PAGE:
Belarski (1900-1983) was not a science-fiction specialist, working in a wide variety of genres during the pulp era (and on paperbacks and men’s adventure magazines afterwards).  If anything, he’s perhaps best-known for his crime, war, and adventure illustrations.  Belarski’s artwork for Startling Stories September 1941 was re-used for the cover of several paperbacks reprinting pulp stories by author-artist John Coleman Burroughs, his brother Hulbert Burroughs (sons of “Tarzan” creator Edgar Rice Burroughs), and Jane Ralston Burroughs (J.C. Burroughs’ wife)—“The Lightning Men and Other Stories” (2005) and  “The Bottom of the World and Other Stories” (2009). 

            Not the greatest or even the campiest of science-fiction pulp covers—and in fact this is one of the less exciting and action-packed Startling Stories covers, which otherwise tended towards flamboyant, cheesecake-infused scenes of human-alien combat— I nonetheless chose to discuss this one for three reasons: (a) the bizarre aliens; (b) the “Flash Gordon” serial homage; and (c) the evocation (perhaps unintentional) of the various, famous historical works of art depicting  “Christopher Columbus landing in the New World.” 

            The aliens on the cover of Startling Stories 9/41 are green-skinned, humanoid lizard-men (who carry simple daggers and are thus understandably awed by the ray-guns wielded by the new arrivals), but the prehensile, phallic, third-eye stalk growing from their foreheads is their most notable physical attribute.  Snails (in reality) have eye-stalks, as do various bug-eyed monsters (only in fiction, hopefully), but these usually represent their (two) main eyes, and the inclusion of an “extra” eye-stalk makes these particular aliens stand out.  [I mean, I’m assuming these are intended to be eye-stalks and not forehead-penises.  Although the artwork is ambiguous…]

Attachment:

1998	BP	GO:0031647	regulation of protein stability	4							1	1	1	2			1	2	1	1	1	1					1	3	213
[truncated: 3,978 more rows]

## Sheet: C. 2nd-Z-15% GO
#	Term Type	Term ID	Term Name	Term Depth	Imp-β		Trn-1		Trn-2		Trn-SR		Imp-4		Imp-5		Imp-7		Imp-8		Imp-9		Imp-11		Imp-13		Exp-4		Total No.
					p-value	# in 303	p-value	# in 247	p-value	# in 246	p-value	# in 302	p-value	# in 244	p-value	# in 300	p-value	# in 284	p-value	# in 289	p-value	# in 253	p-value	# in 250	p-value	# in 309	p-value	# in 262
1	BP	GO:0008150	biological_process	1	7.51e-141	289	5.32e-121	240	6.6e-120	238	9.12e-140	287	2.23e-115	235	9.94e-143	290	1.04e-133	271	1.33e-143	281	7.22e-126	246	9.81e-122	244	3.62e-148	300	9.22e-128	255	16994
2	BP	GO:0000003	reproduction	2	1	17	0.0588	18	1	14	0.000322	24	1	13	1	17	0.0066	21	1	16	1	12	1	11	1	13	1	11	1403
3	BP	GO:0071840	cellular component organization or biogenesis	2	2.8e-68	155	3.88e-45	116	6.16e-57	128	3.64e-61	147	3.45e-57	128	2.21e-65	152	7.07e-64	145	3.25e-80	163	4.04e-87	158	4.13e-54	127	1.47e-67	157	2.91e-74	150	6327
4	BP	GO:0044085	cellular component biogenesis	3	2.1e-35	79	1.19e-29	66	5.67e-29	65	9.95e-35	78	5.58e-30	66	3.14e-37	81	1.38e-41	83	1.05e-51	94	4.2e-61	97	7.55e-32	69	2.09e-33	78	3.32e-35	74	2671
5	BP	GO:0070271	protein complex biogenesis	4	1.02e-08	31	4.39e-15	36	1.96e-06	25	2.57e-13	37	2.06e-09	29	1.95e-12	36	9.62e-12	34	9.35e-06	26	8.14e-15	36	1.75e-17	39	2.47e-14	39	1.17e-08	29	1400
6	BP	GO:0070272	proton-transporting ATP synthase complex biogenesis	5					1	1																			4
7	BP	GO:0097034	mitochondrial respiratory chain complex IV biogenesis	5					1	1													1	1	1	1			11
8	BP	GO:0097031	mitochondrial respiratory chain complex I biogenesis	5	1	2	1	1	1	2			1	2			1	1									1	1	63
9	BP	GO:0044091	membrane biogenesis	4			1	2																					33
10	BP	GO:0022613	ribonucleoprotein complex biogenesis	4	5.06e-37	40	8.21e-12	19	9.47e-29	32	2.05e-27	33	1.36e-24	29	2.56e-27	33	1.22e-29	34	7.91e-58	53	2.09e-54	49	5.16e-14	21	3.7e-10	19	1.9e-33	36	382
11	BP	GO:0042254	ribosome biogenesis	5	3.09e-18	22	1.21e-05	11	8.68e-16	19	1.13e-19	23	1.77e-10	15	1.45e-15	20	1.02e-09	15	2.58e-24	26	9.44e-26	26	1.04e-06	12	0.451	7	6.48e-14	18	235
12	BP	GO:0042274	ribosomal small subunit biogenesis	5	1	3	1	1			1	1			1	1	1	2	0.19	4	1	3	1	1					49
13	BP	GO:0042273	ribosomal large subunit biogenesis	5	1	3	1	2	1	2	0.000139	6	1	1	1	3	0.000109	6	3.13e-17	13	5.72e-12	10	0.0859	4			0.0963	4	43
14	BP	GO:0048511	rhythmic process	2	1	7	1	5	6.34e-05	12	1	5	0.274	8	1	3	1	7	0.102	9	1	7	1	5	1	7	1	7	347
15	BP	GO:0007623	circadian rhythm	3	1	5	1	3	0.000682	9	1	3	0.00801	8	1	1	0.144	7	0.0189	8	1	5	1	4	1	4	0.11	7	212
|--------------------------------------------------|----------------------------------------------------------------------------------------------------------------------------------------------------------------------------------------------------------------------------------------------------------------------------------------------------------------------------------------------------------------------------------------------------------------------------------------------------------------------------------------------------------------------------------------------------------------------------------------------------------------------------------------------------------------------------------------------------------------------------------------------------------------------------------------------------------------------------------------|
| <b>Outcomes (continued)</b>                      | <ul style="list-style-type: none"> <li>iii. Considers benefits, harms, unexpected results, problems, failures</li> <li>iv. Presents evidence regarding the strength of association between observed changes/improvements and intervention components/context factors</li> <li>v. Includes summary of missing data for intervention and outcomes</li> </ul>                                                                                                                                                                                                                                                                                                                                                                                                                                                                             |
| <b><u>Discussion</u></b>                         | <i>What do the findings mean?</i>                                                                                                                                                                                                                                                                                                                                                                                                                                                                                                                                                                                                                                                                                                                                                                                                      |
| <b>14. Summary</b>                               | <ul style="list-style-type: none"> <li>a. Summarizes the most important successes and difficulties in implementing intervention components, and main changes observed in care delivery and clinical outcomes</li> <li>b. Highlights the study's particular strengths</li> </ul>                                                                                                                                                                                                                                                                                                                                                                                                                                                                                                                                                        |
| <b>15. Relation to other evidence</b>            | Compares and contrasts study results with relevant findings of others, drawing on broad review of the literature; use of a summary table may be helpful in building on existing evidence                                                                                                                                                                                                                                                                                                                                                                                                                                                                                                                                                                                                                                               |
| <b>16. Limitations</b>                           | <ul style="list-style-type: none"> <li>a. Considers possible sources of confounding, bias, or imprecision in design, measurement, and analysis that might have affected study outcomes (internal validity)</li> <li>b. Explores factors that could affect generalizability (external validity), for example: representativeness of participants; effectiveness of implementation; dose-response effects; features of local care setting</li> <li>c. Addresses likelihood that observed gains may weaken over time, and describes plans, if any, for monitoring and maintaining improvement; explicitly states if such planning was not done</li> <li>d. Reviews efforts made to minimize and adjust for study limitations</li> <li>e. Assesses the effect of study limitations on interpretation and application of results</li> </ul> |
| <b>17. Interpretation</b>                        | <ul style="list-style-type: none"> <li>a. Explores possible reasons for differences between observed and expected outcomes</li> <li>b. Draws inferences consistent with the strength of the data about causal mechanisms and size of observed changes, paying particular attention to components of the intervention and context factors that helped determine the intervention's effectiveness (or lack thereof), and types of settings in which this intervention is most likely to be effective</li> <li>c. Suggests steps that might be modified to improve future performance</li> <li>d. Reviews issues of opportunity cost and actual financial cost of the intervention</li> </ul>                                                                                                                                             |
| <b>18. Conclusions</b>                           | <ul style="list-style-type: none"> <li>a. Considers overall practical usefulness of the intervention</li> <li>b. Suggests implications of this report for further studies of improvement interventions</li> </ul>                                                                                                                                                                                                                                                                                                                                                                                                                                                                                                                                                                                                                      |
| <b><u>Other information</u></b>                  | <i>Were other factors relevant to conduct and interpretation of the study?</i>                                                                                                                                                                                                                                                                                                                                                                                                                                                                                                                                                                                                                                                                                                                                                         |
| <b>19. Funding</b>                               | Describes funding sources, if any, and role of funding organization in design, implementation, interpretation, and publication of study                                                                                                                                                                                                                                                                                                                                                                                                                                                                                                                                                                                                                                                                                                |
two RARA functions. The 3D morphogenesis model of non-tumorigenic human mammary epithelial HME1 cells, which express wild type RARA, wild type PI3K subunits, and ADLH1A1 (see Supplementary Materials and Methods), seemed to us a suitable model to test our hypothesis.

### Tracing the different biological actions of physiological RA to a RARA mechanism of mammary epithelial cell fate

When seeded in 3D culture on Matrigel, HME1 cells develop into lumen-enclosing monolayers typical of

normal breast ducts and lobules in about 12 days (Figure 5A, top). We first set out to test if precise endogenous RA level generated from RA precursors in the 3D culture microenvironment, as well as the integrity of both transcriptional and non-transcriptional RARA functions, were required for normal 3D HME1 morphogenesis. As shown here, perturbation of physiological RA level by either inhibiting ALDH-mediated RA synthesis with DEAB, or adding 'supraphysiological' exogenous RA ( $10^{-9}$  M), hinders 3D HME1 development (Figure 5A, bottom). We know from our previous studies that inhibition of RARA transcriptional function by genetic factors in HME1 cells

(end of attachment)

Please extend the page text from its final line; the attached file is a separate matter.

The concept of a “third eye” is usually metaphorical rather than literal, referring to a person’s special insight or higher consciousness.  Theosophists believed human beings did at one point have a literal third eye, but it eventually atrophied and became more of a mental thing, albeit in some way related to the pineal gland in the brain.  A character’s enlarged pineal gland erupts from his forehead in From Beyond (1986), which results in a close visual approximation of these creatures in the Startling Stories painting.  Although not specifically an eye-stalk, the protagonist of Dr. Alien (1989) sports a fleshy appendage from the top of his head, which serves to attract and arouse females in his immediate vicinity, and there are other pop culture examples as well. 

            Having a protuberant third eye on one’s forehead might have some advantages—again, assuming this is an organ of vision, it presumably could be used like a periscope, to see around corners, or to look behind you—but I’d imagine it’d also be somewhat inconvenient at times.  Is it retractable?  If not, is it always “erect?”  Otherwise, it might droop down onto your face,  rather like an elephant’s trunk.  It would also seem to be very vulnerable to attack: an assailant could grab it or slice it off with a sword (in From Beyond, the pineal-stalk is bitten off, ouch).  Wearing a hat might also be difficult.  And good luck finding a pair of eyeglasses (maybe you could buy a pair of glasses and a monocle).

            Of course, if this isn’t an actual eye­-stalk, then…well, let’s not go there.  Except to say I can’t think of any particular advantage to possessing a forehead-penis, and the list of potential disadvantages is pretty obvious.